Liquid blood samples must be collected using blood collection cards or EDTA (Ethylene Diamine Tetra Acetic Acid) vials in a vaccination box with coolants to maintain low temperature. Other body fluid samples may be collected in indicator cards. The investigating officer (IO) must ensure that the properly sealed samples reach the forensic science laboratory (FSL) in the stipulated time period, maintaining proper chain of custody. In fact, the Union Home Ministry had provided a sizeable number of sexual assault evidence collection kits containing blood collection cards and EDTA vials in 2020 to all the States so that the biological samples are collected and preserved in the best possible manner for DNA analysis. The States need to continue with this good practice.

The first step in the FSL is to extract DNA material from a sample by separating other elements, such as RNA, proteins, lipids, cell debris and humic acid. Nowadays, automated machines are used to extract DNA from the biological material depending upon low and high copy number of DNA for further analysis. The next step is the quantification of the extracted DNA material using the RT-PCR machine. Further analysis is carried out irrespective of the number of copies found during quantification. Once the quality as well as the quantity of the sample (both reference and control) is known, the sample is subjected to amplification by STR (Short Tandem Repeats) typing (with 16, 24 or more genetic markers) using the PCR machine. STR typing means to mark locations which identify uniqueness and are different in every individual.

If the sample does not contain sufficient DNA during quantification, it is indicative of degradation. In spite of the quality of the DNA, if the profile is not obtained, it indicates the possibility of non-amplification of DNA which may be due to contaminants or PCR inhibiters in the sample. In the end, PCR products are separated using automated genetic analysers and the results are compared with the provided referral sample. The result is interpreted as match (inclusion) or not-match (exclusion) or inconclusive (only when partial DNA profile is generated). The obtained STR profile may be from a single source or it may be a mixed profile which is obtained mostly in evidences of sexual assault cases.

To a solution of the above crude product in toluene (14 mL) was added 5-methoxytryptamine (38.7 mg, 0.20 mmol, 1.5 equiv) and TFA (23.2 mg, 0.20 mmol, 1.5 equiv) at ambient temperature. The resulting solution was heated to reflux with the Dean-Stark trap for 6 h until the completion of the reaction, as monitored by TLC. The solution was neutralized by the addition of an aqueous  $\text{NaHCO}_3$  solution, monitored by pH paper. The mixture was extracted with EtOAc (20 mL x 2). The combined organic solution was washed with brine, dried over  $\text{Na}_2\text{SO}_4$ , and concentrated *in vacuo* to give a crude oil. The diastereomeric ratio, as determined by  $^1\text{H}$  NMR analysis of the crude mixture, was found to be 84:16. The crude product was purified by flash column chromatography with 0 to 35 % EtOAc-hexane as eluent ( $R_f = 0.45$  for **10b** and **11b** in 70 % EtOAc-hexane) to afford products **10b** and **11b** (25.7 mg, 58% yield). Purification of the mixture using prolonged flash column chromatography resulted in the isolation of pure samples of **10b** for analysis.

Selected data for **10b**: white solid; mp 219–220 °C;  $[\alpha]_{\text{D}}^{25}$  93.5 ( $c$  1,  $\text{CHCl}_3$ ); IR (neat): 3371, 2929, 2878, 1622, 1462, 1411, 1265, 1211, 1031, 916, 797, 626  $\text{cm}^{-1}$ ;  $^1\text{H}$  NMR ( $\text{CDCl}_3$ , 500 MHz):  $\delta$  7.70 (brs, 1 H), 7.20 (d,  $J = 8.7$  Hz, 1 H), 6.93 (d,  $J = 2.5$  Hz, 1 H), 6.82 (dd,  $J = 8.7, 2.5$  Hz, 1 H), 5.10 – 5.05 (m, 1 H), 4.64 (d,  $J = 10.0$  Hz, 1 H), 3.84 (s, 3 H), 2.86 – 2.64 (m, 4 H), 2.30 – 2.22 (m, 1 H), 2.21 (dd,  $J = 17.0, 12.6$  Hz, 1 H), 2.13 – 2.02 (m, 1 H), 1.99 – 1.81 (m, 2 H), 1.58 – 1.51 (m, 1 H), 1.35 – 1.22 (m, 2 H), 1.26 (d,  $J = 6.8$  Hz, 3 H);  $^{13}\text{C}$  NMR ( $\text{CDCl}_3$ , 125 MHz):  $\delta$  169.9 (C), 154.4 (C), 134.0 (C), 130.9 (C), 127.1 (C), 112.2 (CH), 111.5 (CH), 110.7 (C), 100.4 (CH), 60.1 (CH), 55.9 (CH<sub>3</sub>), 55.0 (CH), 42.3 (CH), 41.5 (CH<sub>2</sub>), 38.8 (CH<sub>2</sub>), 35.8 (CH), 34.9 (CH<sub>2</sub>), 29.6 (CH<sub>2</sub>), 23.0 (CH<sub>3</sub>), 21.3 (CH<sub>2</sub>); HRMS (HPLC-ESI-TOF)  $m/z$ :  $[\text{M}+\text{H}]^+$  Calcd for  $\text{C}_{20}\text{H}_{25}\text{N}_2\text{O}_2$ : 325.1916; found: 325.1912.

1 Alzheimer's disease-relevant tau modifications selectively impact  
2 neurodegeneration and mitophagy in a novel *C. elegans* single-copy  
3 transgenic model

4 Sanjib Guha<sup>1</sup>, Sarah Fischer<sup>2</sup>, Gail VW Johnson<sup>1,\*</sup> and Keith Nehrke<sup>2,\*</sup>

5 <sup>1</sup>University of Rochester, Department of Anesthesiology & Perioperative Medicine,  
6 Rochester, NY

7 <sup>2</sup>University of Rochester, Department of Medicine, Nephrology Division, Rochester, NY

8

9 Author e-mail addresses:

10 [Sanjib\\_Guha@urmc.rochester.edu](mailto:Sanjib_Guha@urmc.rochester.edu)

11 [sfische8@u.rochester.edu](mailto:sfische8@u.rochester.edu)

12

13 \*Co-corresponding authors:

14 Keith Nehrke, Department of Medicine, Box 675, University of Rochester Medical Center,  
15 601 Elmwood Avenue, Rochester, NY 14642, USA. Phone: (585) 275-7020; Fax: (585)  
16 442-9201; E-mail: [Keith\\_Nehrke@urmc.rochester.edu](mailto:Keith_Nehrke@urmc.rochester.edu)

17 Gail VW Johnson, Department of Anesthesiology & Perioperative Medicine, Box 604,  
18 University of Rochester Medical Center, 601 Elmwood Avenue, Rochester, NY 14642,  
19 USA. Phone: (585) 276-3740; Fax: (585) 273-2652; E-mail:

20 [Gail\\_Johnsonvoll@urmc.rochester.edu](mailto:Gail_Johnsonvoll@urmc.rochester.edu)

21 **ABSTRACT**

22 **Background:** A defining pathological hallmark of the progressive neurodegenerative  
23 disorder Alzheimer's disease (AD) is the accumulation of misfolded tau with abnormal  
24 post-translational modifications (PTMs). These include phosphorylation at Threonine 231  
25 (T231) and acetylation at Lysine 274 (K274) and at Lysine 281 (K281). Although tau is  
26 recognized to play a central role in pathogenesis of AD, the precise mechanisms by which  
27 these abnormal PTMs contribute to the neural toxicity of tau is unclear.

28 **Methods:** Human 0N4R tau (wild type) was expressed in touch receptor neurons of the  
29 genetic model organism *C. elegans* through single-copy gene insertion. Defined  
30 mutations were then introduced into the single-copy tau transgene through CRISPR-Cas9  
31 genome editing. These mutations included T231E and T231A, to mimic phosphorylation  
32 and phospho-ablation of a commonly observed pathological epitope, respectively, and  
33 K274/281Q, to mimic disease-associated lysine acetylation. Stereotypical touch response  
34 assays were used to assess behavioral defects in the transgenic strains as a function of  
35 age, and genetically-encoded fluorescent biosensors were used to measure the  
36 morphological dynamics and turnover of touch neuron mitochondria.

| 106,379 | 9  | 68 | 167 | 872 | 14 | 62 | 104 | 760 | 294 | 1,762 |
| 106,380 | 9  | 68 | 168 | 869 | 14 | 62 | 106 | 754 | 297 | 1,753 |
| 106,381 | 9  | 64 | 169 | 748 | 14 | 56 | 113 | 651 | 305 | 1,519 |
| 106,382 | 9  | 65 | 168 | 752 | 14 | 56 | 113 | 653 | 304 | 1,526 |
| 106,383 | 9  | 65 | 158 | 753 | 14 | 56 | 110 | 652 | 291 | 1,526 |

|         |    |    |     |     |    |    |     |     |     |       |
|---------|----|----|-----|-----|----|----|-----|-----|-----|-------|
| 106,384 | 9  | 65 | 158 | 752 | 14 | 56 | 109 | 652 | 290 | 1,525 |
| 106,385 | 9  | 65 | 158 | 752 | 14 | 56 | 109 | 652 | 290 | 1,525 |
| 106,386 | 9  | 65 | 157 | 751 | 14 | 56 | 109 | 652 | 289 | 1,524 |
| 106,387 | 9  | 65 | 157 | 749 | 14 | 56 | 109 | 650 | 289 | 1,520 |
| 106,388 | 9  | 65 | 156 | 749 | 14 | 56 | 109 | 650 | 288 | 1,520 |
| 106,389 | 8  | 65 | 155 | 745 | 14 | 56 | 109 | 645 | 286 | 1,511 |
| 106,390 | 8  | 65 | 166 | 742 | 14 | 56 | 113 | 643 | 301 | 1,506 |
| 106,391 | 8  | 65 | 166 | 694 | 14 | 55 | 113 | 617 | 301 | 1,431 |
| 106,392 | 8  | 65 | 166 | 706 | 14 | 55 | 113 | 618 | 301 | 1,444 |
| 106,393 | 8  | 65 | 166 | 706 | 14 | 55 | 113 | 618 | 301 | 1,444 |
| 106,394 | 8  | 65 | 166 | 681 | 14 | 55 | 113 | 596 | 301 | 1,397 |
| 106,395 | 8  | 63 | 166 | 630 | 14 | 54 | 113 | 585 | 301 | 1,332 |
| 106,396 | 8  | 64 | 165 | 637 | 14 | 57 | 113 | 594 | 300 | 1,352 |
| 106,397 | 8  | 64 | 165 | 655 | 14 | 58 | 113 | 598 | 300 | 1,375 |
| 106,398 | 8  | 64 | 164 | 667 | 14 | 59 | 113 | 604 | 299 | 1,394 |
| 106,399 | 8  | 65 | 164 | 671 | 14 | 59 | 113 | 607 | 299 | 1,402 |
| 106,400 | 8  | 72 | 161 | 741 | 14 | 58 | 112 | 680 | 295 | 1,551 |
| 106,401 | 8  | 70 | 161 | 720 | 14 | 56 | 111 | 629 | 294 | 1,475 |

Therefore, if the sample size and quality is good enough to reach a ‘match’ result, it cannot be said that the sample might be contaminated (irrespective of the fact that it was collected from an open area). Had the sample been sufficiently contaminated, the ‘match’ result would not have been arrived at. All stakeholders of the criminal justice system need to be sensitised about the techniques of DNA analysis.

Random match probability

The Court has questioned the forensic expert for not mentioning the ‘random occurrence ratio’. This statistical ratio or ‘random match probability’ (RMP) is referred to as the frequency of the particular DNA profile in a population. A small RMP value means the profile is rare in the population and vice versa. The Central FSL, Directorate of Forensic Sciences, released a Working Procedures Manual Forensic DNA Testing in 2019, which prescribes the procedure for calculating RMP for automated STRs. Therefore, there is no justifiable reason for a DNA expert not to mention RMP in its report.

In the Rahul case, the Court objected to the fact that the sample was not collected by the inspector who was present in the hospital during the post-mortem, and was collected a day later by a constable. It said there was a possibility of tampering as the samples were kept in the Police Station Malkhana for a few days after seizure. This assumption seems unfounded as unless the chain of custody is broken, and adverse evidence is adduced in the court, only an administrative delay should become a basis to reject the prosecution story.

DNA technology has evolved over the years. As the evidence of DNA matching in criminal cases, particularly those based on circumstantial evidence, acquires great importance, some standard guidelines need to be laid down by the Court for admitting the DNA expert’s report as credible evidence.

Some standard guidelines need to be laid down by the Court for admitting the DNA expert’s report as credible evidence

4. One-stop centres for zero waste to be launched in cities

Used clothes can be deposited at the one-stop centres for repurposing.

In a step towards cutting down waste generation in urban India, the government will launch one-stop centres where citizens can deposit old clothes, shoes, books, toys and plastic that can be reused or recycled.

These special “Reduce, Recycle and Reuse” centres are to be launched nationwide on May 20. Individuals, institutions and commercial enterprises can deposit the items at these hubs.

The items will then be given to different stakeholders to be refurbished for reuse or would be made into new products contributing to a circular economy, the Ministry of Housing and Urban Poverty Alleviation said in a statement on Monday.

These ‘RRR’ centres would be set up as part of a nationwide campaign ‘Meri LiFE, Mera Swachh Shehar’ (‘My Life, My Clean City’) under the aegis of the Swacch Bharat Mission – Urban 2.0 (SBM-U 2.0) to strengthen citizens’ resolve to reduce, reuse and recycle, the Ministry said.

The objective of the campaign is to take collective action for the protection and conservation of the environment by adopting sustainable daily habits. “The 3Rs form the backbone of ‘Waste to Wealth’ and has empowered many craftsmen, recyclers, self-help Groups, entrepreneurs, startups, etc. to recycle waste into a host of products,” a senior official in the Urban Affairs Ministry said.

The campaign will culminate on World Environment Day on June 5.